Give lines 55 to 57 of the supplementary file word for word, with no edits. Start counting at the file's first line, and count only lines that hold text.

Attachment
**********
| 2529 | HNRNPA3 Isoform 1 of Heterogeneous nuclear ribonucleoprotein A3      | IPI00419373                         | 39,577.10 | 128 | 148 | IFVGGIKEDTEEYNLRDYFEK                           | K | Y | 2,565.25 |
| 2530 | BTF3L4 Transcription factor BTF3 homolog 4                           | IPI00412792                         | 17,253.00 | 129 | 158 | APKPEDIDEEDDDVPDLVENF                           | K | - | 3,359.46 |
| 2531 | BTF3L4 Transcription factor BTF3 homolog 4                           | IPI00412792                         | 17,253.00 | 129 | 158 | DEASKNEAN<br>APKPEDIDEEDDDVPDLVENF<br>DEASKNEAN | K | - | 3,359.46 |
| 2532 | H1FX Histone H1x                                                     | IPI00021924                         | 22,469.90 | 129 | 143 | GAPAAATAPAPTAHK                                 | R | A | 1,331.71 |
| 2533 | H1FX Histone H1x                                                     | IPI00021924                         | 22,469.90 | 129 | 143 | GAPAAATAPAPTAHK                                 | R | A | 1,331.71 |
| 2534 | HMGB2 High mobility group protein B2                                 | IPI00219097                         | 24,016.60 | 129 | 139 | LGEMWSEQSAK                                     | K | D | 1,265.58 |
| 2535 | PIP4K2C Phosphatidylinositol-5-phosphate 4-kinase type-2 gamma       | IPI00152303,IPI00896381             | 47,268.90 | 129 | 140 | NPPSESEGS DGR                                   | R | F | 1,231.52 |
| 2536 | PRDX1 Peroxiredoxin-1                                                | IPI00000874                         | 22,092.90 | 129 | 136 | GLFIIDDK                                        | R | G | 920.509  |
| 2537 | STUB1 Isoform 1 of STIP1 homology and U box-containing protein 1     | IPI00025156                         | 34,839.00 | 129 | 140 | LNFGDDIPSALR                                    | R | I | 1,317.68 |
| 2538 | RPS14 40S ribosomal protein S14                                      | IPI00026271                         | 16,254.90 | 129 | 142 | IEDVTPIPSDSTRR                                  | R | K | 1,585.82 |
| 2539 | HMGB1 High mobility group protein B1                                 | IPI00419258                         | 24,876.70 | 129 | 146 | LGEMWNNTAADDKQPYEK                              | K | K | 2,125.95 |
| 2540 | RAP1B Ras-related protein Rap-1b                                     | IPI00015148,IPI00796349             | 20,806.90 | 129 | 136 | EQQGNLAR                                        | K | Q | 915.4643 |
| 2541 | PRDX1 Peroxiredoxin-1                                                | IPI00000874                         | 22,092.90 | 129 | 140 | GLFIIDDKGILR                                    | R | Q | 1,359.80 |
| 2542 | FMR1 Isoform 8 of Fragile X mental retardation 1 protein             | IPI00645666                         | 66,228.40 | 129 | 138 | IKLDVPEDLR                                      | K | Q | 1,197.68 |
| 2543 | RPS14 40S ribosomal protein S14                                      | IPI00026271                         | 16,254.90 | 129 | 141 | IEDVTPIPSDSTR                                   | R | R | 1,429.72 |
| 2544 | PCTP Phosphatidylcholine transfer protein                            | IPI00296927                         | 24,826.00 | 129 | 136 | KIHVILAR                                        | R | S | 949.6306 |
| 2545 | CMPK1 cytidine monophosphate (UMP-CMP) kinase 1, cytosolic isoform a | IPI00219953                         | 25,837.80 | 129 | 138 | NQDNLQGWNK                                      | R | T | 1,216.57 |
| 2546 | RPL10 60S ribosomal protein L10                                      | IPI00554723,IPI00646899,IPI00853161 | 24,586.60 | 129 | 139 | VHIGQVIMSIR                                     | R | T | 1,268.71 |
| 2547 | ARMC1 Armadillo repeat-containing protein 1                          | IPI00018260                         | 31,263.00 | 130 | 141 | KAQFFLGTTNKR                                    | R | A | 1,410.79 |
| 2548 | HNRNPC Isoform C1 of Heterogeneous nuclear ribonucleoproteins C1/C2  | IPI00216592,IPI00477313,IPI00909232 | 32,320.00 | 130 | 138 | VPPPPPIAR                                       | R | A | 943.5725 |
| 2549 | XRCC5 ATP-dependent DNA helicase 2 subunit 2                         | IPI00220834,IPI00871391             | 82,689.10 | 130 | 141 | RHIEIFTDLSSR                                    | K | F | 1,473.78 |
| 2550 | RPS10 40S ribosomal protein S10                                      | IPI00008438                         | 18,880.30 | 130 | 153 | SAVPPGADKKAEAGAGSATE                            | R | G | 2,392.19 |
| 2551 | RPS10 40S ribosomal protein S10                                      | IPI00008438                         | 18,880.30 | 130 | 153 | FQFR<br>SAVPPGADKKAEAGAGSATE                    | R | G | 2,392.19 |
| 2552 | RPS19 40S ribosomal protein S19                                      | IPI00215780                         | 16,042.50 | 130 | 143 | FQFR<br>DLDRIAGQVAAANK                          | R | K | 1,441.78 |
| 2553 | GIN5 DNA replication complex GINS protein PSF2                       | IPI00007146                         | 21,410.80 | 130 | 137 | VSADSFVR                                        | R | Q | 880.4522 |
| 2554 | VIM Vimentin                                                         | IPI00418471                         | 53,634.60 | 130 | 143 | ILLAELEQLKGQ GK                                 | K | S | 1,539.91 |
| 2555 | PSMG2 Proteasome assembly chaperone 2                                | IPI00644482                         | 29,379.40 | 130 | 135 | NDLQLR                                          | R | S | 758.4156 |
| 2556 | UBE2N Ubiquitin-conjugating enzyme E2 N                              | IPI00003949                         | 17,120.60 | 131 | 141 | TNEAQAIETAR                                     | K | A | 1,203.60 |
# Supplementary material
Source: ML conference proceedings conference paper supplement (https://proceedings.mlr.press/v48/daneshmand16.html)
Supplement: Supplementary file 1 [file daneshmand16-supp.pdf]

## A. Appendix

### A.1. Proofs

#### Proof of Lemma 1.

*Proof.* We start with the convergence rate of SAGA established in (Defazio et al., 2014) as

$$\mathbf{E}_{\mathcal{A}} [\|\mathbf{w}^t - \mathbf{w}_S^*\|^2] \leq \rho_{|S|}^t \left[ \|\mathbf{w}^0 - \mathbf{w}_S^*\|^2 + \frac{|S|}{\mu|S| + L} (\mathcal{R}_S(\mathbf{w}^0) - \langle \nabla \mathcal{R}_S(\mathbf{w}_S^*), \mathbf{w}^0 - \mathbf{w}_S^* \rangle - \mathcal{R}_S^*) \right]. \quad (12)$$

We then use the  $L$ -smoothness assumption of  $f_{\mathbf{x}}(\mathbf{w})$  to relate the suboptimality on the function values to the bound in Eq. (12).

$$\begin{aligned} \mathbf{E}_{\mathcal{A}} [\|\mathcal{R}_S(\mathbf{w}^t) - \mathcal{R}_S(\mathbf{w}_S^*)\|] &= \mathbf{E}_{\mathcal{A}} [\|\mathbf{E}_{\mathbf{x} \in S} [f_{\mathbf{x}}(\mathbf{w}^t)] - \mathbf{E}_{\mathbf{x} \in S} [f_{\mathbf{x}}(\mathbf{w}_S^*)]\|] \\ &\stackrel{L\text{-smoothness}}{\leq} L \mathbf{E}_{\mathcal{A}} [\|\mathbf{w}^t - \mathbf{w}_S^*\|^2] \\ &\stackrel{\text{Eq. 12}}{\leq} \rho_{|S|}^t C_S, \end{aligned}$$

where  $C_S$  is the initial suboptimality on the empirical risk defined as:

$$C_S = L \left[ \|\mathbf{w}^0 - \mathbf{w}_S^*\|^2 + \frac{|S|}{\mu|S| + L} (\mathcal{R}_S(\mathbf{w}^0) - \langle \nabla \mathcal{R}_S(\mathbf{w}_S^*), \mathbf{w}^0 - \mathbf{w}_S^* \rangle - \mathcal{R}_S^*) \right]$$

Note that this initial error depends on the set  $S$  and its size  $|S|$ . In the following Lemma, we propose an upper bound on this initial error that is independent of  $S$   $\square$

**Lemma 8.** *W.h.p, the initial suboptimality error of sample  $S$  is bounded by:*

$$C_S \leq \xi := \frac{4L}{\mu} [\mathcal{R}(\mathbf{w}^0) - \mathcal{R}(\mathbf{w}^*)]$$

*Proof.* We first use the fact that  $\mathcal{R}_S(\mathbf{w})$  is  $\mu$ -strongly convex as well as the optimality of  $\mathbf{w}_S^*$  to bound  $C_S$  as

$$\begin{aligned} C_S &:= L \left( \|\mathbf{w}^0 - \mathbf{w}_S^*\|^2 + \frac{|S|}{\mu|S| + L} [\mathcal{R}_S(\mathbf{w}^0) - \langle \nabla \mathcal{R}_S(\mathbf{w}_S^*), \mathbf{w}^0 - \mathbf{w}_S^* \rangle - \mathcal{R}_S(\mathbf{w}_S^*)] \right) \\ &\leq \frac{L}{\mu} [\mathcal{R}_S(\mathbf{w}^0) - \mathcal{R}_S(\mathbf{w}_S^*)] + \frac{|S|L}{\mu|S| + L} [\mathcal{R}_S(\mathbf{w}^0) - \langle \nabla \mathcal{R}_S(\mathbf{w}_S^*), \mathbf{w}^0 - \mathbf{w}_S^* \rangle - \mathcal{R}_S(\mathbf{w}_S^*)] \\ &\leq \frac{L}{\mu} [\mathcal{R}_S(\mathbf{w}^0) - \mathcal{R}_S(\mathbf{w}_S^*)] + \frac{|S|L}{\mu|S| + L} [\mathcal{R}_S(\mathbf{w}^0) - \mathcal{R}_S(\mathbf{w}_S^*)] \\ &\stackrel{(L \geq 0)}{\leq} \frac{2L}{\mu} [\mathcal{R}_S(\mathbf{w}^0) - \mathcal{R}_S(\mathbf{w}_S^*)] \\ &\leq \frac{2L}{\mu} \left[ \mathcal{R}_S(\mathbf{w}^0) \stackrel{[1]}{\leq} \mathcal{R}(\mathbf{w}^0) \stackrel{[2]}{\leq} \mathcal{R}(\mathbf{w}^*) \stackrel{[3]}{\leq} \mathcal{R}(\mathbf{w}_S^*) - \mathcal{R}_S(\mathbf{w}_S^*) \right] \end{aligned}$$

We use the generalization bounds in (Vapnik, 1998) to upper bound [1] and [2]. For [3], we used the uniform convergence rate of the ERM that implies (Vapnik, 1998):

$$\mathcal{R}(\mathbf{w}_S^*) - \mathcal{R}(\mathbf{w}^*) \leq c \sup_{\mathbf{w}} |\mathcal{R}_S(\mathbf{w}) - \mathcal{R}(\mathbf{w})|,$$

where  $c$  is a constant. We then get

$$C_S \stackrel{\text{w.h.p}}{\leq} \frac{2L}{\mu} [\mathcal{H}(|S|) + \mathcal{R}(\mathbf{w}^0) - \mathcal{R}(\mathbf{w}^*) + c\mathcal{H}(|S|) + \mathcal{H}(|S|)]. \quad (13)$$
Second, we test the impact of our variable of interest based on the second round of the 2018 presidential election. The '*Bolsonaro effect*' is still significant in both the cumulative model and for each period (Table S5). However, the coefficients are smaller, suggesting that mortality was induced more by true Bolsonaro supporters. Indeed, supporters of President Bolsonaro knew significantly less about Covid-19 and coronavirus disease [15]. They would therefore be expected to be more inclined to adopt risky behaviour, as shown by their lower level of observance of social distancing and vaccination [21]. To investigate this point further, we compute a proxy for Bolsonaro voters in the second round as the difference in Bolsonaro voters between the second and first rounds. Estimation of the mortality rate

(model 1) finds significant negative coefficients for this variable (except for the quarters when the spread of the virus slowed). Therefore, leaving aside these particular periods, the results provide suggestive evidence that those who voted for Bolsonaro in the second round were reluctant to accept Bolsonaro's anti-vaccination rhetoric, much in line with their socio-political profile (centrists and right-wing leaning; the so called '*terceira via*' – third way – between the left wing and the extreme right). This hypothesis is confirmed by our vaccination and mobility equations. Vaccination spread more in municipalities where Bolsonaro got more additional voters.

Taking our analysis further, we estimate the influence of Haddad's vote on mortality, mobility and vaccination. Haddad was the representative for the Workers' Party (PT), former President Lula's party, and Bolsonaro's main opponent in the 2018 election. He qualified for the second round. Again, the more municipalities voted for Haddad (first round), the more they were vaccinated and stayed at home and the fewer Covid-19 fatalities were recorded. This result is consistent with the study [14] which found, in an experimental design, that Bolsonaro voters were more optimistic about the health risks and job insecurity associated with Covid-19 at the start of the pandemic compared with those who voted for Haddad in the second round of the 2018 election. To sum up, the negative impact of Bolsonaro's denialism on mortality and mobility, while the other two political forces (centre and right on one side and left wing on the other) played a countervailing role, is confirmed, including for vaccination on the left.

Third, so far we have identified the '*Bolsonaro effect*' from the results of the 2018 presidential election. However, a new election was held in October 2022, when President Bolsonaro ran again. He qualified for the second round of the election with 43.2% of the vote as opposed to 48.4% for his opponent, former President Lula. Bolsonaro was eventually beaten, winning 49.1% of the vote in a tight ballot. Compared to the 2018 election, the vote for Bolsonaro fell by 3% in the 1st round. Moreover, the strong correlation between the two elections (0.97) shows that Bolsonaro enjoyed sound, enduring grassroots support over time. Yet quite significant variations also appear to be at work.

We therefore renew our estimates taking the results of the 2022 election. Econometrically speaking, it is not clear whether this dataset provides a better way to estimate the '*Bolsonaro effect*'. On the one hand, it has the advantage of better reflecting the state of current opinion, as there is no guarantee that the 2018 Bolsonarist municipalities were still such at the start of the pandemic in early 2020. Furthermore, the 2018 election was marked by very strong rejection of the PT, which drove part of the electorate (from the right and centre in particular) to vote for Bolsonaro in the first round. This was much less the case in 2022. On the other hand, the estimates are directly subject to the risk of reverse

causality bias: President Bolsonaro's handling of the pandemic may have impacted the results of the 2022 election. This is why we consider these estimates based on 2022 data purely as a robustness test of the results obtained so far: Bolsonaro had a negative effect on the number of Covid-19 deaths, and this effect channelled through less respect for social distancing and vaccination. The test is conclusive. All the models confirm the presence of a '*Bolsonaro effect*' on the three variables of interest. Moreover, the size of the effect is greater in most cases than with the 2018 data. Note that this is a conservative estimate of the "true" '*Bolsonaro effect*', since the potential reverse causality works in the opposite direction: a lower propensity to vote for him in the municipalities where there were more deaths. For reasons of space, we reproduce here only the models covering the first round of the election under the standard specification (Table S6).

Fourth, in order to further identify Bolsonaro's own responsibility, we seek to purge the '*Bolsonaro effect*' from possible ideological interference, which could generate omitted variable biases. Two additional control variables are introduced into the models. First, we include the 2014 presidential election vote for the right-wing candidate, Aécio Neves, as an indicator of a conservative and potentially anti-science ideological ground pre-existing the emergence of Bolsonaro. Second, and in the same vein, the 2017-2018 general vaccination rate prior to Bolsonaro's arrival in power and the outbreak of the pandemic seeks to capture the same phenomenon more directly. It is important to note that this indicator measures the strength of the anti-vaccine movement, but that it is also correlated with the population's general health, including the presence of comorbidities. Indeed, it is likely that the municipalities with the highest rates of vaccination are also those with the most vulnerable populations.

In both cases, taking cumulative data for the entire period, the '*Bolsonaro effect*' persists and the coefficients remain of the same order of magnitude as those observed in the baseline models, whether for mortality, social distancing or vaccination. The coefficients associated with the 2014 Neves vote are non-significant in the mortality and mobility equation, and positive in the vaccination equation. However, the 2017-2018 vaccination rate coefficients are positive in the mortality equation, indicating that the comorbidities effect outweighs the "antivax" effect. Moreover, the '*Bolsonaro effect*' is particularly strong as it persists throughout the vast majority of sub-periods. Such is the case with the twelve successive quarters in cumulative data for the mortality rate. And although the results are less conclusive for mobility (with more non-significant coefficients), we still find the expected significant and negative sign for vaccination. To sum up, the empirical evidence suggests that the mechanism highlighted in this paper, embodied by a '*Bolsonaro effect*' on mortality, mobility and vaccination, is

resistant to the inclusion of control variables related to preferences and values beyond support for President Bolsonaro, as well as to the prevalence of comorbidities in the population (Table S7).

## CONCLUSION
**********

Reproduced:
causality bias: President Bolsonaro's handling of the pandemic may have impacted the results of the 2022 election. This is why we consider these estimates based on 2022 data purely as a robustness test of the results obtained so far: Bolsonaro had a negative effect on the number of Covid-19 deaths, and this effect channelled through less respect for social distancing and vaccination. The test is conclusive. All the models confirm the presence of a '*Bolsonaro effect*' on the three variables of interest. Moreover, the size of the effect is greater in most cases than with the 2018 data. Note that this is a conservative estimate of the "true" '*Bolsonaro effect*', since the potential reverse causality works in the opposite direction: a lower propensity to vote for him in the municipalities where there were more deaths. For reasons of space, we reproduce here only the models covering the first round of the election under the standard specification (Table S6).

Fourth, in order to further identify Bolsonaro's own responsibility, we seek to purge the '*Bolsonaro effect*' from possible ideological interference, which could generate omitted variable biases. Two additional control variables are introduced into the models. First, we include the 2014 presidential election vote for the right-wing candidate, Aécio Neves, as an indicator of a conservative and potentially anti-science ideological ground pre-existing the emergence of Bolsonaro. Second, and in the same vein, the 2017-2018 general vaccination rate prior to Bolsonaro's arrival in power and the outbreak of the pandemic seeks to capture the same phenomenon more directly. It is important to note that this indicator measures the strength of the anti-vaccine movement, but that it is also correlated with the population's general health, including the presence of comorbidities. Indeed, it is likely that the municipalities with the highest rates of vaccination are also those with the most vulnerable populations.

In both cases, taking cumulative data for the entire period, the '*Bolsonaro effect*' persists and the coefficients remain of the same order of magnitude as those observed in the baseline models, whether for mortality, social distancing or vaccination. The coefficients associated with the 2014 Neves vote are non-significant in the mortality and mobility equation, and positive in the vaccination equation. However, the 2017-2018 vaccination rate coefficients are positive in the mortality equation, indicating that the comorbidities effect outweighs the "antivax" effect. Moreover, the '*Bolsonaro effect*' is particularly strong as it persists throughout the vast majority of sub-periods. Such is the case with the twelve successive quarters in cumulative data for the mortality rate. And although the results are less conclusive for mobility (with more non-significant coefficients), we still find the expected significant and negative sign for vaccination. To sum up, the empirical evidence suggests that the mechanism highlighted in this paper, embodied by a '*Bolsonaro effect*' on mortality, mobility and vaccination, is